Climate finance aims at reducing emissions, enhancing sinks of greenhouse gases and reducing vulnerability of, and maintaining and increasing the resilience of, human and ecological systems to negative climate change impacts, as defined by the United Nations Framework Convention on Climate.
Climate adaptation finance is a type of climate finance, which focuses on incorporating into the design of financial products the possible effects of climate change to its clients, trying this way to promote the implementation of adaptation measures. Significant amounts of finance are demanded especially in developing economies to help them adapt to climate change.
The main financial products targeting climate adaptation are loans, grants and equity financing, which incorporate impact monitoring of the funding provided.
These three products are usually combined with risk mitigation mechanisms such as insurance and guarantees, as these allow to transfer risks from finance providers to guarantors and insurers, for example, who have a better capacity to accept such risks. Such mechanisms increase the chances that projects will obtain commercial financing.
The main actors that provide loans are international public financiers and either international or national private financial institutions. Moreover, grants are mostly provided through international and domestic public finance, mainly in the form of technical assistance, and equity is provided by national and international private financial institutions. Some examples of actors can be governments, development finance institutions (DFIs), financial institutions and impact investors.
Climate smart adaptation finance is currently demanding access to new sources of financing since there is much need for these financial products and current barriers, such as uncertainty regarding returns on investment, high upfront costs of technology, and a lack of technical and institutional capacities in the project hosts, do not encourage enough private capital. There is a UNFCCC study that estimates that the investment needed for climate change adaptation in 2030 could amount to USD 50-170 billion, and from this amount, USD 14 billion would be required for agriculture, forestry, and fisheries. In order to meet this high demand of climate adaptation financing, new business opportunities for private companies are being developed, such as leveraging private finance for climate change adaptation through public funds. In this sense, institutional investors are catalysts for change, as they influence the decisions and strategies adopted by companies and banks on climate change adaptation.
One of the best tools to establish and visualize the implementation process of climate adaptation finance in practice is the Theory of Change (ToC). The ToC allows stakeholders to intervene in a social or environmental issue by determining positive long-term outcomes they want to achieve and backward-mapping the specific steps towards them. Thus, if the ToC has a correct design, implementation and evaluation, it can achieve a transformative change.
To develop a precise and practical ToC for climate adaptation finance, the first aspect to be defined is the stakeholders to be involved in this process, as different views can bring varied ideas from different experience perspectives. Stakeholders could involve microfinance institutions (MFIs) which want to develop a climate smart adaptation product and institutional investors which are willing to finance the development of that product.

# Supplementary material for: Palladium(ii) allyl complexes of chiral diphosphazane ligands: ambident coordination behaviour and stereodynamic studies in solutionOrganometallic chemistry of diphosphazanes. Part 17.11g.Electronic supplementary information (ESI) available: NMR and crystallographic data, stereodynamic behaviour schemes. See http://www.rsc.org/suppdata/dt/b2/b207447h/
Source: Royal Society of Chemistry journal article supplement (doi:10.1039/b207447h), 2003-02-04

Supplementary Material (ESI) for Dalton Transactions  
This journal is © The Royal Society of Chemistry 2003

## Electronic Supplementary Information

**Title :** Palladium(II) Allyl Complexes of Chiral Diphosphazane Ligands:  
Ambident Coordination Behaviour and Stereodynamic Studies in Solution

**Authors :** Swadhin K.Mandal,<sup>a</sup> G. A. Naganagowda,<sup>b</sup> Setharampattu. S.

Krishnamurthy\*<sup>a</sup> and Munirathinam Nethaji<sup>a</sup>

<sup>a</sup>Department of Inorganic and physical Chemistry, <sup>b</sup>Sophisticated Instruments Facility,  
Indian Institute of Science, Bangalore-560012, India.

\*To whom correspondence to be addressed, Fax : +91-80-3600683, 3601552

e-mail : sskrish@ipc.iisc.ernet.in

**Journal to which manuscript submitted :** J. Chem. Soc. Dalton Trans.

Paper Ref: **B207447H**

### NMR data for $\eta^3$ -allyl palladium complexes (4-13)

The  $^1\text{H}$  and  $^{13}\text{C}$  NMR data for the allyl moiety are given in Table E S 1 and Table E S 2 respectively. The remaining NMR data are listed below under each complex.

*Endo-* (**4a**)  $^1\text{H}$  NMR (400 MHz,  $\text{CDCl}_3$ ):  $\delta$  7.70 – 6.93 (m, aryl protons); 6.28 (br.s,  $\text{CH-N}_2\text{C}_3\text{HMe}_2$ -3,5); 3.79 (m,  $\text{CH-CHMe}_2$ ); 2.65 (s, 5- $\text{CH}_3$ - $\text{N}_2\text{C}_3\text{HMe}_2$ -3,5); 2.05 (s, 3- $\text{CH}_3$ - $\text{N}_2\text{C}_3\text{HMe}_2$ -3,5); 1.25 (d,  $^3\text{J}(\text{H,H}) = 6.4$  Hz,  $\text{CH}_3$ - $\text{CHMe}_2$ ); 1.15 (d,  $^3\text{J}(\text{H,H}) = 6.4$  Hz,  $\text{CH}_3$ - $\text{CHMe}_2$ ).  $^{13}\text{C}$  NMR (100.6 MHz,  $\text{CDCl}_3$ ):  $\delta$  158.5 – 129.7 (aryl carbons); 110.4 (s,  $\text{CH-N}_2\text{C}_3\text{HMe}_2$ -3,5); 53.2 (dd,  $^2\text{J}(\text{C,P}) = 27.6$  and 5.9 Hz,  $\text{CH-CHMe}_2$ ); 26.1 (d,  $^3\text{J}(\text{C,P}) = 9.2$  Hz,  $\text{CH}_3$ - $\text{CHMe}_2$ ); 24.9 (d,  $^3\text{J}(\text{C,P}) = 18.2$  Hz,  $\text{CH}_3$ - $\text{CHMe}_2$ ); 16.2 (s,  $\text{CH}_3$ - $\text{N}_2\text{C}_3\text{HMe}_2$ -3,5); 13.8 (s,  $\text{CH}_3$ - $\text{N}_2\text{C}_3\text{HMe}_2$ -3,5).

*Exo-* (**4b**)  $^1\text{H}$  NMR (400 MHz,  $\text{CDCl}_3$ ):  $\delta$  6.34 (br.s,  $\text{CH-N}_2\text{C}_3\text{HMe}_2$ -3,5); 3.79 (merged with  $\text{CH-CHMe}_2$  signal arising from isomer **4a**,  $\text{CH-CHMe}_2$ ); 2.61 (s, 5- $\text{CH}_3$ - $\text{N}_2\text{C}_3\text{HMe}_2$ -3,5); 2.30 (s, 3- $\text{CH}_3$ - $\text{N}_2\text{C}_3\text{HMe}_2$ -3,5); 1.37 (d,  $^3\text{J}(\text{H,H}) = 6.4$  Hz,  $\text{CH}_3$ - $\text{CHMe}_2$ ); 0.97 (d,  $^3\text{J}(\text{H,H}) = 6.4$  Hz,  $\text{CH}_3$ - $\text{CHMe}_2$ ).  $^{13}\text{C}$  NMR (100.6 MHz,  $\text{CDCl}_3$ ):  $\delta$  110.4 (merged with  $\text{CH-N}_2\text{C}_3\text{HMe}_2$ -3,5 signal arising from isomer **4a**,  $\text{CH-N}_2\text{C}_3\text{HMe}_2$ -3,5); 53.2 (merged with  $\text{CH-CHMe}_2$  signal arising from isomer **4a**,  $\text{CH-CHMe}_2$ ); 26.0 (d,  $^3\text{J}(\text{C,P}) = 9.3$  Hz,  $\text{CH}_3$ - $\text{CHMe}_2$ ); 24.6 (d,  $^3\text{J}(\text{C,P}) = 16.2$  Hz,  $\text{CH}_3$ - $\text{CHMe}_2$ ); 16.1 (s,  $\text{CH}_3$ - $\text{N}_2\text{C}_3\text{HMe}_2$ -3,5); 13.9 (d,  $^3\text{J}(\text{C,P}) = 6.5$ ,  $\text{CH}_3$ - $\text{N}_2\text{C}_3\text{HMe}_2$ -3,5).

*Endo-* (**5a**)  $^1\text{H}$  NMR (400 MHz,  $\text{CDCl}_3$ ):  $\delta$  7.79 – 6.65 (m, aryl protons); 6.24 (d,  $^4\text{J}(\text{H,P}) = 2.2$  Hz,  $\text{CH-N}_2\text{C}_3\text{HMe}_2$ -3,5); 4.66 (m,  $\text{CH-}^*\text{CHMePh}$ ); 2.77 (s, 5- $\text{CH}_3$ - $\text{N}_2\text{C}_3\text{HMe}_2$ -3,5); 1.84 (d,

Secondly, the problem has to be analysed and described in detail, as it is key to understand the problem in order to find ways to address it. For example, lack of climate resilience of communities in developing economies.
Additionally, the outcomes pathway has to be mapped, where the cause-and-effect relationships between the long-term goal and outcomes are defined. This pathway is central to justify the choice of activities and resources, and the development of indicators. Once the pathway is agreed, the activities that can support the achievement of each outcome have to be defined.
Having the main structure of the ToC in place, the assumptions and barriers have to be identified. Even though it may not be obvious, the defined process will be shaped by assumptions about how change happens, thus, it is important to make realistic assumptions, preferably backed up with evidence to justify them. Barriers could include the interest rate at which the MFI’s competitors provide the same financial product, which limits the interest rate margin for the MFI.
Then, thresholds and indicators have to be defined, an especially important aspect for climate change, since effective adaptation is not completely defined yet. It is important to remember that factors outside of a given project can contribute to the success. Lastly, the diagram and narrative have to be articulated.
In summary, focus on climate smart adaptation finance is demanded in emerging markets, as it can improve resilience in low-income communities, mainly for smallholder farmers. If ToC is suitably structured, it can be one of the best tools to decide which climate adaptation financial product to develop, addressing the main deficiencies in finance related to climate adaptation. As it can be seen, there is still a long path to follow in climate finance in which all key stakeholders mentioned should be involved.
Author: Marta Juste
Burmeister, H., Cochu, A., Hausotter, T., & Stahr, C. (2019). Financing adaptation to climate change – an introduction. Adaptation Briefings.
Pringle, P., & Thomas, A. (s.f.). Climate Adaptation and Theory of Change: Making it work for you.
Timilsina, G. R. (2021). Financing Climate Change Adaptation: International Initiatives.
Share this article